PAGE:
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Public Citizen Cares About Me

February 23, 2007

Tags HealthInterventionism

And every other woman in America. So much, in fact, that they want to be sure we don't have a chance to make what they consider to be bad choices about contraception. The organization is petitioning the FDA to ban newer-generation birth control pills on the basis that they "offer no unique benefit over the older and safer pills." This illustrates a key problem with the winner-take-all governmental approach to drug safety that the FDA represents. First, it treats "safety" as though it were an objective standard and an objective concept. It's not. All drugs have risks and benefits. The individuals who make up the group Public Citizen believe that the risks of the newer generation of birth control pills outweigh the benefits. There is nothing wrong with that belief in and of itself, nor with their conducting an educational campaign to tell other people so. The problem is their failure to recognize that risk-benefit assessments are subjective and unique to the individual.

By forming a lobbying group, they can make their subjective preferences into regulation that is binding on huge numbers of other individuals. Having their beliefs enacted in regulation does not make them an objective for juding the safety of drugs. It simply means they gamed the system to get what they wanted. Whether the risks of certain pills outweigh the benefits depends on the woman assuming the risks and enjoying the benefits. But through the petition process, Public Citizen can claim the right to make that decision for every single woman in America who uses or is considering using oral contraceptives, based solely on the subjective preferences of the individuals who make up Public Citizen.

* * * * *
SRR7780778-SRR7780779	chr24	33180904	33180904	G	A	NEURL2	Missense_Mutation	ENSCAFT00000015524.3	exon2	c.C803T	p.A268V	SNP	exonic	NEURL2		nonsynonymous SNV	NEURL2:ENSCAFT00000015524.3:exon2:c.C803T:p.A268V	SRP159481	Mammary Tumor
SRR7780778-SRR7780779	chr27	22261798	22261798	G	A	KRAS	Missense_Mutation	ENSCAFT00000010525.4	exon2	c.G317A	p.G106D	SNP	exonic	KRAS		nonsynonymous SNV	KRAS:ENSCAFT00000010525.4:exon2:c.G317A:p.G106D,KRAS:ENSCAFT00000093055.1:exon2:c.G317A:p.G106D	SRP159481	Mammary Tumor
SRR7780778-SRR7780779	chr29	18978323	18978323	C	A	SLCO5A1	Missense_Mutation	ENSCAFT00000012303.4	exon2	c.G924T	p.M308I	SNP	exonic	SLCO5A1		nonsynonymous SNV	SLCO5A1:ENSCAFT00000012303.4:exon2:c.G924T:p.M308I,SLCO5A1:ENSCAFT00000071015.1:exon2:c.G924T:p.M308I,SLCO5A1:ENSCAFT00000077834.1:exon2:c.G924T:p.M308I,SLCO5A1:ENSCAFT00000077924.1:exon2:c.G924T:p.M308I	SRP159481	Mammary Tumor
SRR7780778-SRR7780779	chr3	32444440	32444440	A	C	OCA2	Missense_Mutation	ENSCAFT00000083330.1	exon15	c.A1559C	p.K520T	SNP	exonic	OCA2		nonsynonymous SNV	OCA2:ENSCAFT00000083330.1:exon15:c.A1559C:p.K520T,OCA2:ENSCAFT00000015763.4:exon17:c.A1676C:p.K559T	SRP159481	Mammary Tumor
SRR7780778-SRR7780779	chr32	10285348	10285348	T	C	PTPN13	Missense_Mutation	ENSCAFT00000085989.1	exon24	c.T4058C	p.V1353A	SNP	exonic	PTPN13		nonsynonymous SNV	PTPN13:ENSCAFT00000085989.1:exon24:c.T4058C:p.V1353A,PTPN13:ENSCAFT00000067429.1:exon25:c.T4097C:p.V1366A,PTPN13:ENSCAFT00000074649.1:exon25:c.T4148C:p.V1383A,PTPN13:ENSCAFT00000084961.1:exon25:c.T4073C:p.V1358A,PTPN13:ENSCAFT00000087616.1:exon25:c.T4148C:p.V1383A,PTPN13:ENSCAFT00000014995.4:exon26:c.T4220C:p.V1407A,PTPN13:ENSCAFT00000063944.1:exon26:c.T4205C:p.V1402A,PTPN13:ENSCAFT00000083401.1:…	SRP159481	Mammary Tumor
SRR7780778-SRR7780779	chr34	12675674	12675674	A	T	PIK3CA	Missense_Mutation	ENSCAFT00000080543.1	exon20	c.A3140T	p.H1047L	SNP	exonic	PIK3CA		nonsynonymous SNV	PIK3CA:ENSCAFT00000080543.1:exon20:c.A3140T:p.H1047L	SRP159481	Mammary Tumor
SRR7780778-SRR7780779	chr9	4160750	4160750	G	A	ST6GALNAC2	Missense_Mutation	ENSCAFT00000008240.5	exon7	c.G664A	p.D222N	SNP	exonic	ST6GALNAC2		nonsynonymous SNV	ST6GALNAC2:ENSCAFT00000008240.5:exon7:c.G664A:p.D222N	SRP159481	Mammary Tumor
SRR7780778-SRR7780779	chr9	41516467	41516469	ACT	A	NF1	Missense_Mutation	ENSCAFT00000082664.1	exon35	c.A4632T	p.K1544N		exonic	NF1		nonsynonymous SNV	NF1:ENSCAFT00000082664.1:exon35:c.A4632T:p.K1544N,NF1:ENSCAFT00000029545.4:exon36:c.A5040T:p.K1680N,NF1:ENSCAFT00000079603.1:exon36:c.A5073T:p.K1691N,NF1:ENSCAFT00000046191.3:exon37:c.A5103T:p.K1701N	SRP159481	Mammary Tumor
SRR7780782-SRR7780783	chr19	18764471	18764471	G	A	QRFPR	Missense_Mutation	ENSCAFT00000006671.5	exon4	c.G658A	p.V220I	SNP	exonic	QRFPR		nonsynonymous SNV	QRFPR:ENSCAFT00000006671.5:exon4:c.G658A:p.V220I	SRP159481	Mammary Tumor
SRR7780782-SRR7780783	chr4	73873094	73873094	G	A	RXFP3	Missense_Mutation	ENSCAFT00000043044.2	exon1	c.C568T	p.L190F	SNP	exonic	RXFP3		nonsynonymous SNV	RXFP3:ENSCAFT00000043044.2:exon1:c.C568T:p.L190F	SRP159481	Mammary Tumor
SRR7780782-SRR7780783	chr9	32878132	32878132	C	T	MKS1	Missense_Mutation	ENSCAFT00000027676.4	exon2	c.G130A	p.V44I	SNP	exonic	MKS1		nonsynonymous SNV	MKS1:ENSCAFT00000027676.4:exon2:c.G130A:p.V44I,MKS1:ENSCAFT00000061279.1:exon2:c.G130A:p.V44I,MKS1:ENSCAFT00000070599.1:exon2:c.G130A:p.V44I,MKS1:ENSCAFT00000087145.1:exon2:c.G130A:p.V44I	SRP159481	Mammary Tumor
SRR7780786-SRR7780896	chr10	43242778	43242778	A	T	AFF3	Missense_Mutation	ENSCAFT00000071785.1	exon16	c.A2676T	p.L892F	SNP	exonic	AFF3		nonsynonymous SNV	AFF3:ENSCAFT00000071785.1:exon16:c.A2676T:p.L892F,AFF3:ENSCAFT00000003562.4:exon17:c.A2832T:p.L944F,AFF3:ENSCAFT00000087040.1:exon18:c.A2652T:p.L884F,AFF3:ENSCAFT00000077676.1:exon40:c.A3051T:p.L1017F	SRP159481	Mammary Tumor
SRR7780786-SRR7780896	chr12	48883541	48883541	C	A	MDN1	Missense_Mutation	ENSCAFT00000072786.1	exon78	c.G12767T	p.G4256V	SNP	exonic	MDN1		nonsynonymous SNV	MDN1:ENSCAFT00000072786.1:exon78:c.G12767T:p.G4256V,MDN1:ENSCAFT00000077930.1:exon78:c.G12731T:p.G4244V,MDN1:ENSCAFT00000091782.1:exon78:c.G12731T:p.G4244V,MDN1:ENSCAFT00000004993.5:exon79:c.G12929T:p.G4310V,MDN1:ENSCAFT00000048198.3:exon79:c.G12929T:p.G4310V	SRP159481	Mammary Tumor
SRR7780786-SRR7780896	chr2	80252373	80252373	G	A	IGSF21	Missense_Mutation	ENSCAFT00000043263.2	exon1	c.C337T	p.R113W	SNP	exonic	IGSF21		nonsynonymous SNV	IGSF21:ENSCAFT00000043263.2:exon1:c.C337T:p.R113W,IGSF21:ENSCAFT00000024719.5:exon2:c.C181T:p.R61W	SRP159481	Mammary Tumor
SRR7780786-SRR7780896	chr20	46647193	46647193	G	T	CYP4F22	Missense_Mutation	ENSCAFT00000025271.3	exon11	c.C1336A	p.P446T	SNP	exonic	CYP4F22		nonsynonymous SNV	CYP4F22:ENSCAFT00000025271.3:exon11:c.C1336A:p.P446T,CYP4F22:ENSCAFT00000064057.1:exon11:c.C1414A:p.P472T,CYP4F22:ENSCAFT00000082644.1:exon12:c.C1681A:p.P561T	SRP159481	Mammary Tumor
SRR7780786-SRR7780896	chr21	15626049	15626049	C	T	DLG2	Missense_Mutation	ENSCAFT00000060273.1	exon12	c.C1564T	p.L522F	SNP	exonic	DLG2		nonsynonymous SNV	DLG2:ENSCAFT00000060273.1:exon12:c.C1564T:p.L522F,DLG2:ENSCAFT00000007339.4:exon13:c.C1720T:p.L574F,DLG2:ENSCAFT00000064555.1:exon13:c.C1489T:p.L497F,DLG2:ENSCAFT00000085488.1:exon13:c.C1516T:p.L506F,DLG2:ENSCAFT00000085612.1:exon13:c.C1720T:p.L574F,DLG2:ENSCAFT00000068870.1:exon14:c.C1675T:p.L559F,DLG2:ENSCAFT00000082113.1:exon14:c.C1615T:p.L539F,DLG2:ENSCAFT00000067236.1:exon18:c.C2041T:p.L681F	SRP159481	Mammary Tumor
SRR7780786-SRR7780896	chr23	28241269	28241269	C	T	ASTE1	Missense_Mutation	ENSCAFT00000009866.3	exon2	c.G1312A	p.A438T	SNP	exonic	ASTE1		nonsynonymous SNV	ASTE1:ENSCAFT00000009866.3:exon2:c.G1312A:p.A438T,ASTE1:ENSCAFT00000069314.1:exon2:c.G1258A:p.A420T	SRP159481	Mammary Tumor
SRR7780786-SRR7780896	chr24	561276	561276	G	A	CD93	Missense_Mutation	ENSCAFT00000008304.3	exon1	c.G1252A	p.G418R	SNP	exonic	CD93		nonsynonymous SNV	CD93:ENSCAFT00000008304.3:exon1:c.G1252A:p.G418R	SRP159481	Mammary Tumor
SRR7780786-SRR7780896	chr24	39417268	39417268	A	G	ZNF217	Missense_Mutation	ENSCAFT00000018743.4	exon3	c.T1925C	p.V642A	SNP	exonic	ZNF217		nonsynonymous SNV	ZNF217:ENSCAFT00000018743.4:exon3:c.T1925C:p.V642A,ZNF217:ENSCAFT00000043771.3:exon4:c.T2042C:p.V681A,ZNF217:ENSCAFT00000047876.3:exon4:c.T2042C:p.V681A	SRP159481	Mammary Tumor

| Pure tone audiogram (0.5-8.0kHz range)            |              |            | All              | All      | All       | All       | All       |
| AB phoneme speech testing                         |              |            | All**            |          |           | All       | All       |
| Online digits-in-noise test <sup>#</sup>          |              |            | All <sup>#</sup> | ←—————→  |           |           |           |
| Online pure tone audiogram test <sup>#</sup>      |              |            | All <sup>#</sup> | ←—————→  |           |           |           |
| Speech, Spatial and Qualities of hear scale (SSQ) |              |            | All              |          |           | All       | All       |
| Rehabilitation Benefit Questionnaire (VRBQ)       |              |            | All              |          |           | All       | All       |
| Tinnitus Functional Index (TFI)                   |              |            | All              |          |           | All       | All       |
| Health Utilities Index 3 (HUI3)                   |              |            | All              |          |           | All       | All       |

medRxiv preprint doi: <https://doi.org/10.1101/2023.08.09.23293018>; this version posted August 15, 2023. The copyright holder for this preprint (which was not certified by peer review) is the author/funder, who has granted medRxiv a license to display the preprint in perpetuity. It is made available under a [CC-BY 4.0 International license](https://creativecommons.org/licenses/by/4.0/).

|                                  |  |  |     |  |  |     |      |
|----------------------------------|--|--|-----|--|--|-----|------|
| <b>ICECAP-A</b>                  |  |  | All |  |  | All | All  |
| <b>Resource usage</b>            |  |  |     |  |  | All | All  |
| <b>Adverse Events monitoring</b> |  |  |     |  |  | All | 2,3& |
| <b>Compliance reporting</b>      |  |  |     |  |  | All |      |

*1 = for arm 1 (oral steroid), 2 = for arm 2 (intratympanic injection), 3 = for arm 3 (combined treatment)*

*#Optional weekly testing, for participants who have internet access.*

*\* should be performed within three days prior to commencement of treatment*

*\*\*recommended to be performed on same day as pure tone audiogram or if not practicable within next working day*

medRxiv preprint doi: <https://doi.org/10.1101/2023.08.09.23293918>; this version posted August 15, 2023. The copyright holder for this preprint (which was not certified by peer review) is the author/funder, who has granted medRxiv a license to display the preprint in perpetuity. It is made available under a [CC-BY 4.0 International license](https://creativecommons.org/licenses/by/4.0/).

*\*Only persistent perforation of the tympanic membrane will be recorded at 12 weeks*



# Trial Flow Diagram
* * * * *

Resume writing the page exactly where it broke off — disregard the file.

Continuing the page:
The FDA, by law, has to consider their petition, and therefore must seriously consider allowing a small group of people whose sole interest is lobbying the FDA to make an important decision for a huge, diffuse group of people who spend little time paying attention to what the agency does. The result could be a sweeping, one-size-fits-all solution that does not take into account the diverse preferences of individual women, or the subjective risk-benefit analyses we all do when deciding whether to use pharmaceuticals. A petition like this is emblematic of what is wrong with governmental control of drug safety. It makes no room for the diverse, subejctive preferences of individuals, decreases our choices, and deprives us all of the benefits of medical progress for the sake of an illusion of "safety".

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